At first the move seemed to be auspicious. Marie Antoinette promised him her patronage and many of the Austrian nobility came to him as patients. But the Academies of Science and Medicine, to whom he immediately addressed himself, refused to respect his theories. In 1779 Dr. Mesmer published his French Report on Animal Magnetism, declaring that “it is not a secret remedy, but a scientific fact, whose causes and effects can be studied.” He frankly admitted that he wished to gain the support of some government courageous enough to give his methods a fair trial and inaugurate a “house where the sick may be treated, and the claims I have made for animal magnetism be tested to the full.”
The publication of this Report caused a sensation. The Clergy attributed his astonishing cures to the Devil. The orthodox physicians denounced him as a charlatan. But the aristocracy of Paris were excited to the verge of madness by his phenomenal cures. Dr. d’Eslon, physician to the Comte d’Artois, promptly rallied to his support. A lady-in-waiting who had been cured of paralysis appealed to the Queen for her public recognition of Dr. Mesmer’s methods. The Princess de Lamballe, the Duc de Bourbon, the Prince de Condé, and even the popular idol of the day, the young Marquis de Lafayette — all gave him their ardent patronage. At the Queen’s request the government entered into direct communication with Dr. Mesmer in order to keep him in France, and Maurepas, one of the King’s ministers, offered him a pension. From 1780 to 1784 Dr. Mesmer was the rage of Paris. He took a house in the Place Vendôme, but this was soon too small to accommodate his patients. He then made a hospital of the Hôtel Bouillon in the rue Montmartre, where he treated the poor free of charge.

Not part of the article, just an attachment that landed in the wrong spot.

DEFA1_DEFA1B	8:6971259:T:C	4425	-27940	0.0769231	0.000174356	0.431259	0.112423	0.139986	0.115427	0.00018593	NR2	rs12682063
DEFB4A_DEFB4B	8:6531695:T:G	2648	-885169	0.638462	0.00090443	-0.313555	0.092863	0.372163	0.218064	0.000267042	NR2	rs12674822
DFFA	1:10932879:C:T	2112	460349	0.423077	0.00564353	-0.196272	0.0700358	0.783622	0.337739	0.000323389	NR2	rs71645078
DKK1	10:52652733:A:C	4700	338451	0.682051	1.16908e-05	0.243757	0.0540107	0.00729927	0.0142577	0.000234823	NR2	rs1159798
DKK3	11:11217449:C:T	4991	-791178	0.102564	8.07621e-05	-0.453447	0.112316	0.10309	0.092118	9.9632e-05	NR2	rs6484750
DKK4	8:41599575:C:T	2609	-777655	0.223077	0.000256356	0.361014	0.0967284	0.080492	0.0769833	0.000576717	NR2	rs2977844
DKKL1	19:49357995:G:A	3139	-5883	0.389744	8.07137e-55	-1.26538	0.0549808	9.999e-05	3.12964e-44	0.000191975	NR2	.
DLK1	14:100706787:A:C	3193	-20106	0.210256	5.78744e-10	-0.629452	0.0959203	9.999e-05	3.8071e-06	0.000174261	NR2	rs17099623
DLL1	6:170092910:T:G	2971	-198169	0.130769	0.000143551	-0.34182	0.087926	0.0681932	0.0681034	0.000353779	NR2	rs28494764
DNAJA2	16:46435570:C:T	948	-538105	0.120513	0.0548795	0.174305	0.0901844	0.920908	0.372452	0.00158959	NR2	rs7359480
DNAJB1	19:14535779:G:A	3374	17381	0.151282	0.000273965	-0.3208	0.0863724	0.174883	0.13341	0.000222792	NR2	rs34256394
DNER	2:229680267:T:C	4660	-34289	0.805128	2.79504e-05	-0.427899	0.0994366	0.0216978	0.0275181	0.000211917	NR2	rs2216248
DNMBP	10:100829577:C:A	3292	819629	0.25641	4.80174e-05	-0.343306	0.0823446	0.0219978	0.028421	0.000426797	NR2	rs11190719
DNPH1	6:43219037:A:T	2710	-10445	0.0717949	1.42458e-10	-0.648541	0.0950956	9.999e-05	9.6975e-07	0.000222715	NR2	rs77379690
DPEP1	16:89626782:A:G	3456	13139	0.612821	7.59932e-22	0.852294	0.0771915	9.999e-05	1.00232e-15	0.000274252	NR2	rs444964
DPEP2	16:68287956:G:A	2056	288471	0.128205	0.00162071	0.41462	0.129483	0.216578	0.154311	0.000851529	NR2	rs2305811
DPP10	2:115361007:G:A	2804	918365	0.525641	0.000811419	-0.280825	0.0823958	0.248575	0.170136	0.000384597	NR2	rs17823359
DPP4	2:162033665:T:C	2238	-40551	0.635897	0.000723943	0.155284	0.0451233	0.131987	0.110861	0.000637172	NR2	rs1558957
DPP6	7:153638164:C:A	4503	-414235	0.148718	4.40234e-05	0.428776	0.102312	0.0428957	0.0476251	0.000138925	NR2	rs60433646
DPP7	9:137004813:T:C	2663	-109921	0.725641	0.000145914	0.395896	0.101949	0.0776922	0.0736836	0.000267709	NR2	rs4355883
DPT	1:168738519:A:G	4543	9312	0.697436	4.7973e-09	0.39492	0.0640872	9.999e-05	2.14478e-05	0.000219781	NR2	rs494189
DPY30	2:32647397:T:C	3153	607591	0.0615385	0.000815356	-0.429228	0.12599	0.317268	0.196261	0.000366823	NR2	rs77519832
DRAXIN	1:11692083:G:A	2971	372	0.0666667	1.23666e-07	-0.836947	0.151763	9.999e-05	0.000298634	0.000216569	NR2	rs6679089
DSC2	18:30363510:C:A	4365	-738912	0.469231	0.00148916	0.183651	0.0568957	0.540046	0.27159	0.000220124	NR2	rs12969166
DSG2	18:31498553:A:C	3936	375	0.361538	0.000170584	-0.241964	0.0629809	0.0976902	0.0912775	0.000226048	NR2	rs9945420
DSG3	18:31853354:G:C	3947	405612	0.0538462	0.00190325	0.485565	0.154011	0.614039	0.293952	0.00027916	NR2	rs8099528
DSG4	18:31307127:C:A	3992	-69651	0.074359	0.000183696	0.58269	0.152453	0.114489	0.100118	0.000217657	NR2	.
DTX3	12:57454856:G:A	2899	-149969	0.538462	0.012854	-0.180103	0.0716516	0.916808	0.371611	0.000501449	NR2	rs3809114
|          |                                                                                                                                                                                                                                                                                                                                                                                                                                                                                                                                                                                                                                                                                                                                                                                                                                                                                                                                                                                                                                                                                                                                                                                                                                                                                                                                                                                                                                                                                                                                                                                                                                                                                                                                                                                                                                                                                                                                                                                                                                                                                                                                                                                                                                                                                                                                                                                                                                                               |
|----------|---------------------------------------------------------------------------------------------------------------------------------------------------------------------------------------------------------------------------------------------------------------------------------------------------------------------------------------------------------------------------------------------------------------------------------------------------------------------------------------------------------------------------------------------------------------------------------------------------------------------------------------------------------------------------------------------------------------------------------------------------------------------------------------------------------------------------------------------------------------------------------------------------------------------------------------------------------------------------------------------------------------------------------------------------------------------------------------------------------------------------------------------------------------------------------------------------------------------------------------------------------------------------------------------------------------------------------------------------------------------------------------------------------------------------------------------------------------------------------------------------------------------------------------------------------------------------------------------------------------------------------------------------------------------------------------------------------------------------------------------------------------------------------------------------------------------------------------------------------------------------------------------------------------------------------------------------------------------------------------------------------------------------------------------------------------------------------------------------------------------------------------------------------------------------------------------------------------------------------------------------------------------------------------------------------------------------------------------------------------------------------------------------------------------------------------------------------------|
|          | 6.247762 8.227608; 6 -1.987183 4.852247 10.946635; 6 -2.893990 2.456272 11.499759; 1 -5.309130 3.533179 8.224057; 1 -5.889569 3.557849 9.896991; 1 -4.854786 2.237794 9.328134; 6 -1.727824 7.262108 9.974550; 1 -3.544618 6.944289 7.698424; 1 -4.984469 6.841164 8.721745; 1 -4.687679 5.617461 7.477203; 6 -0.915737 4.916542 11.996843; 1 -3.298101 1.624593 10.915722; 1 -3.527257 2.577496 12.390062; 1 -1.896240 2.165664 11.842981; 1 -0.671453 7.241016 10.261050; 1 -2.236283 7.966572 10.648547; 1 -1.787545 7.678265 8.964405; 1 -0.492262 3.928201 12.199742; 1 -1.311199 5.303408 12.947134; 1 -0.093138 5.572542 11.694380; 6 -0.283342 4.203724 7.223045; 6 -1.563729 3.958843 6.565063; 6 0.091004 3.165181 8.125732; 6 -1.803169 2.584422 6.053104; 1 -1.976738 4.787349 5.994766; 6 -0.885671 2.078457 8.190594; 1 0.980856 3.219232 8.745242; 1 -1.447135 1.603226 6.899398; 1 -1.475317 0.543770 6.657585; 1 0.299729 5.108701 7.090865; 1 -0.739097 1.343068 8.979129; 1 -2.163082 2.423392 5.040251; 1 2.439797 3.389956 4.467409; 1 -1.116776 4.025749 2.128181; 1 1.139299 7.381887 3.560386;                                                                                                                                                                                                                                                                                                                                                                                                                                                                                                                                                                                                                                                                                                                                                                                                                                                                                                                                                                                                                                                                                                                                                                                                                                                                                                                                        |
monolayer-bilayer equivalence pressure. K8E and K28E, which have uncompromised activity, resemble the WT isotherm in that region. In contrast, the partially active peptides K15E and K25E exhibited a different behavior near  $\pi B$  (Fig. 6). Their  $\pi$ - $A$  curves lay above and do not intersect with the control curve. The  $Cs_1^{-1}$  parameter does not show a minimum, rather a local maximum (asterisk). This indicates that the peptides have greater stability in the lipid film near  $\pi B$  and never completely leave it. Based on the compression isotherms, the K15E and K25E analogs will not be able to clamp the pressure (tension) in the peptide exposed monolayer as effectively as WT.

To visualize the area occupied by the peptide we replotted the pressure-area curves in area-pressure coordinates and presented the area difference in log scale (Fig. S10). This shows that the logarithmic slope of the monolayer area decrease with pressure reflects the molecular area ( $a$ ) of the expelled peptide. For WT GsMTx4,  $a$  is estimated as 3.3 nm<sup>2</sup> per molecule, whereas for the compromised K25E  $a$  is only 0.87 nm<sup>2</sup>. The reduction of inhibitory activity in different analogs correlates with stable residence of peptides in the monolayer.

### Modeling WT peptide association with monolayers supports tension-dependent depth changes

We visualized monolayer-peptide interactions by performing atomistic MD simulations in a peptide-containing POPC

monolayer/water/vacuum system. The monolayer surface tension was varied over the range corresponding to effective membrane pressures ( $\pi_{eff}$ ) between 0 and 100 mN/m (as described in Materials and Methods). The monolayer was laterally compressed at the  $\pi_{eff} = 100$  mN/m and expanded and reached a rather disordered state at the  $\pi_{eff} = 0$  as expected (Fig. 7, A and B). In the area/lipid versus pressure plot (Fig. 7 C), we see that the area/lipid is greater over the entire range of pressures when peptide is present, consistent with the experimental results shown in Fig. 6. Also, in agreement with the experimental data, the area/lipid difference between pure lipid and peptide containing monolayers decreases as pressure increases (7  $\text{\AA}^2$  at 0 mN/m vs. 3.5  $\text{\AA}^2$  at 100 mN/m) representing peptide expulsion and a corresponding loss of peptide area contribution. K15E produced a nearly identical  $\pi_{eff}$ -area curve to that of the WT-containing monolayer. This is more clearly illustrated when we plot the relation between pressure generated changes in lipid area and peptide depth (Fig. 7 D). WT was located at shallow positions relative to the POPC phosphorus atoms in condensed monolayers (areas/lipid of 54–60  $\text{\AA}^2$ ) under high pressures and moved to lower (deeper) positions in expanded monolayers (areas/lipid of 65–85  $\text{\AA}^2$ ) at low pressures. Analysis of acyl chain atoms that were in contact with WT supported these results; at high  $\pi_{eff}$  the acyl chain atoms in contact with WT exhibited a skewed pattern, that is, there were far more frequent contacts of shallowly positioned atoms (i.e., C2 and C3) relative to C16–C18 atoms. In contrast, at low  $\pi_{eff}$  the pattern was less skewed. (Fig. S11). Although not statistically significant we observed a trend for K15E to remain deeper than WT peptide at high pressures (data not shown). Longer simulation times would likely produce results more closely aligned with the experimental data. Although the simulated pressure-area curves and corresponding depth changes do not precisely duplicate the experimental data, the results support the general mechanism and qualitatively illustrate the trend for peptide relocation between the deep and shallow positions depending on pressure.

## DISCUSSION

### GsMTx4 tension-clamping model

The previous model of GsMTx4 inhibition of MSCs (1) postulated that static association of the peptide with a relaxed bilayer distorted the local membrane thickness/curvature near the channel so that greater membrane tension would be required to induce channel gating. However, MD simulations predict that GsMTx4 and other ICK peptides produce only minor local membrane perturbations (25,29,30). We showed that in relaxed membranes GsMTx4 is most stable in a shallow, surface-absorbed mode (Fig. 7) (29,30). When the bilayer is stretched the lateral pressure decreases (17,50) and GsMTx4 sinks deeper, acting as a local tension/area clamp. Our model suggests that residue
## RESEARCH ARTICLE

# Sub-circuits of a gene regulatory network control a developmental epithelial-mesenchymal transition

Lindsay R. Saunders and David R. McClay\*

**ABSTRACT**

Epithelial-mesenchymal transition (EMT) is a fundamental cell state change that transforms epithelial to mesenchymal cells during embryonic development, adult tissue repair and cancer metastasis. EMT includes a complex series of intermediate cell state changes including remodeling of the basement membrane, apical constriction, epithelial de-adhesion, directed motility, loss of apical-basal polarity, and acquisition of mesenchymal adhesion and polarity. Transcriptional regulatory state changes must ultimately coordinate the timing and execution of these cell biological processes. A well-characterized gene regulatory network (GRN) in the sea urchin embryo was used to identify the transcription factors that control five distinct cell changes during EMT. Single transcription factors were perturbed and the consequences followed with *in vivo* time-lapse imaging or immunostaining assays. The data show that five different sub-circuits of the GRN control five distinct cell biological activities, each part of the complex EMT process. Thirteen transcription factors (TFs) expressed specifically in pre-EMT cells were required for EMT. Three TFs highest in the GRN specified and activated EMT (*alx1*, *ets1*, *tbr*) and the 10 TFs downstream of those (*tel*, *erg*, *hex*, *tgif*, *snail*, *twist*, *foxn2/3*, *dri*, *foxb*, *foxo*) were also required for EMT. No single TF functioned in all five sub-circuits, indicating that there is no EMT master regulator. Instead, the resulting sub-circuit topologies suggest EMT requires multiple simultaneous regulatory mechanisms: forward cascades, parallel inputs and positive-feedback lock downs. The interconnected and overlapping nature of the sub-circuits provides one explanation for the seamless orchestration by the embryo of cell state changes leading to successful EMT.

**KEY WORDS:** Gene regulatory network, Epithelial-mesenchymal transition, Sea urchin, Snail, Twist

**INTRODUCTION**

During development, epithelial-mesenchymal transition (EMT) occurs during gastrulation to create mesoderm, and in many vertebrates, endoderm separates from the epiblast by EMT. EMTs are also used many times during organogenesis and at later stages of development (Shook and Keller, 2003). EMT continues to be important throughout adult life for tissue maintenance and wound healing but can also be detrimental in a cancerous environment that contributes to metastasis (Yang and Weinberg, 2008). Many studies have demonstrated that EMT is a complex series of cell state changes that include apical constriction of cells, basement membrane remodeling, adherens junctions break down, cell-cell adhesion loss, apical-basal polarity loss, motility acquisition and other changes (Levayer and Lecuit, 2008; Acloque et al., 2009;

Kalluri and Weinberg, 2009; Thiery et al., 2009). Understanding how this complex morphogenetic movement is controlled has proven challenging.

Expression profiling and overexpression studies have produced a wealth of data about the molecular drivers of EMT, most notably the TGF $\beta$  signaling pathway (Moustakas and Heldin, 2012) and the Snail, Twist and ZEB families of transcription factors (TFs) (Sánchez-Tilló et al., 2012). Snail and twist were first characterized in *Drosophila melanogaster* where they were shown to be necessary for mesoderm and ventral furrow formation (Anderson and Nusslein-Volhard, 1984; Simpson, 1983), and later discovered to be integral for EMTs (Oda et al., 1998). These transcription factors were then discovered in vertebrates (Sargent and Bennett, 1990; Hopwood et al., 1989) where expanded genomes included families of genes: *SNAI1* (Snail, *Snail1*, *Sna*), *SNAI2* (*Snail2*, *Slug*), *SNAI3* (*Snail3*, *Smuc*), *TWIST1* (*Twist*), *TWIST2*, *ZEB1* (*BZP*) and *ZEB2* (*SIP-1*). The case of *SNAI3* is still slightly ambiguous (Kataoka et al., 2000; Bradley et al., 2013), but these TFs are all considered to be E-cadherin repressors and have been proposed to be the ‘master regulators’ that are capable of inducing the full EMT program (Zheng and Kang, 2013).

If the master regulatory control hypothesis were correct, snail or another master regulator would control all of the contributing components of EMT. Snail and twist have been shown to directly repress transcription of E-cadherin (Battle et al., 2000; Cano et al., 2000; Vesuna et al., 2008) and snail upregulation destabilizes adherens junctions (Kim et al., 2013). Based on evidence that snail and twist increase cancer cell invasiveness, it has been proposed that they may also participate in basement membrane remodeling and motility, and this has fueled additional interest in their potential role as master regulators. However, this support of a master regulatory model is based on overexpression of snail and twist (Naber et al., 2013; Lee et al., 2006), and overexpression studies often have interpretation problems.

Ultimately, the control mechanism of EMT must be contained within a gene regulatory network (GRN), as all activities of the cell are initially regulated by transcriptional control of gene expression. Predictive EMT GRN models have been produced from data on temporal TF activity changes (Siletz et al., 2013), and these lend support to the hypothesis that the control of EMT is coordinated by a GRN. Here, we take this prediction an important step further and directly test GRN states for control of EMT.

Although the Queen of France honored Dr. Mesmer with her patronage, Louis looked upon his cures with suspicion. In March, 1784, the King ordered an investigation of Mesmer’s methods by a committee chosen from among the members of the Academies of Science and Medicine. Among those elected to serve on this committee were Benjamin Franklin, Bailly the astronomer, Lavoisier, the discoverer of oxygen, and the celebrated botanist, Dr. Jussieu.
At this time the French Academy was enjoying a period of unprecedented popularity. Arrogant with success, this youthful embodiment of Science showed all the characteristics of an adolescent. How could there be merit in treatments which savants could not understand? In the report of the Committee handed to the King on August 11, 1784, the members honestly admitted the efficacy of Dr. Mesmer’s cures. Some power was at work, they said, but what was the nature of that power? Could it be perceived by any of the physical senses? It could not. Therefore they concluded that “where nothing is to be seen, felt, tasted or smelled, there nothing can exist.” Hence the amazing cures which they had witnessed must be due entirely to “the imagination of the patients themselves.” Furthermore, these weighty minds affirmed, since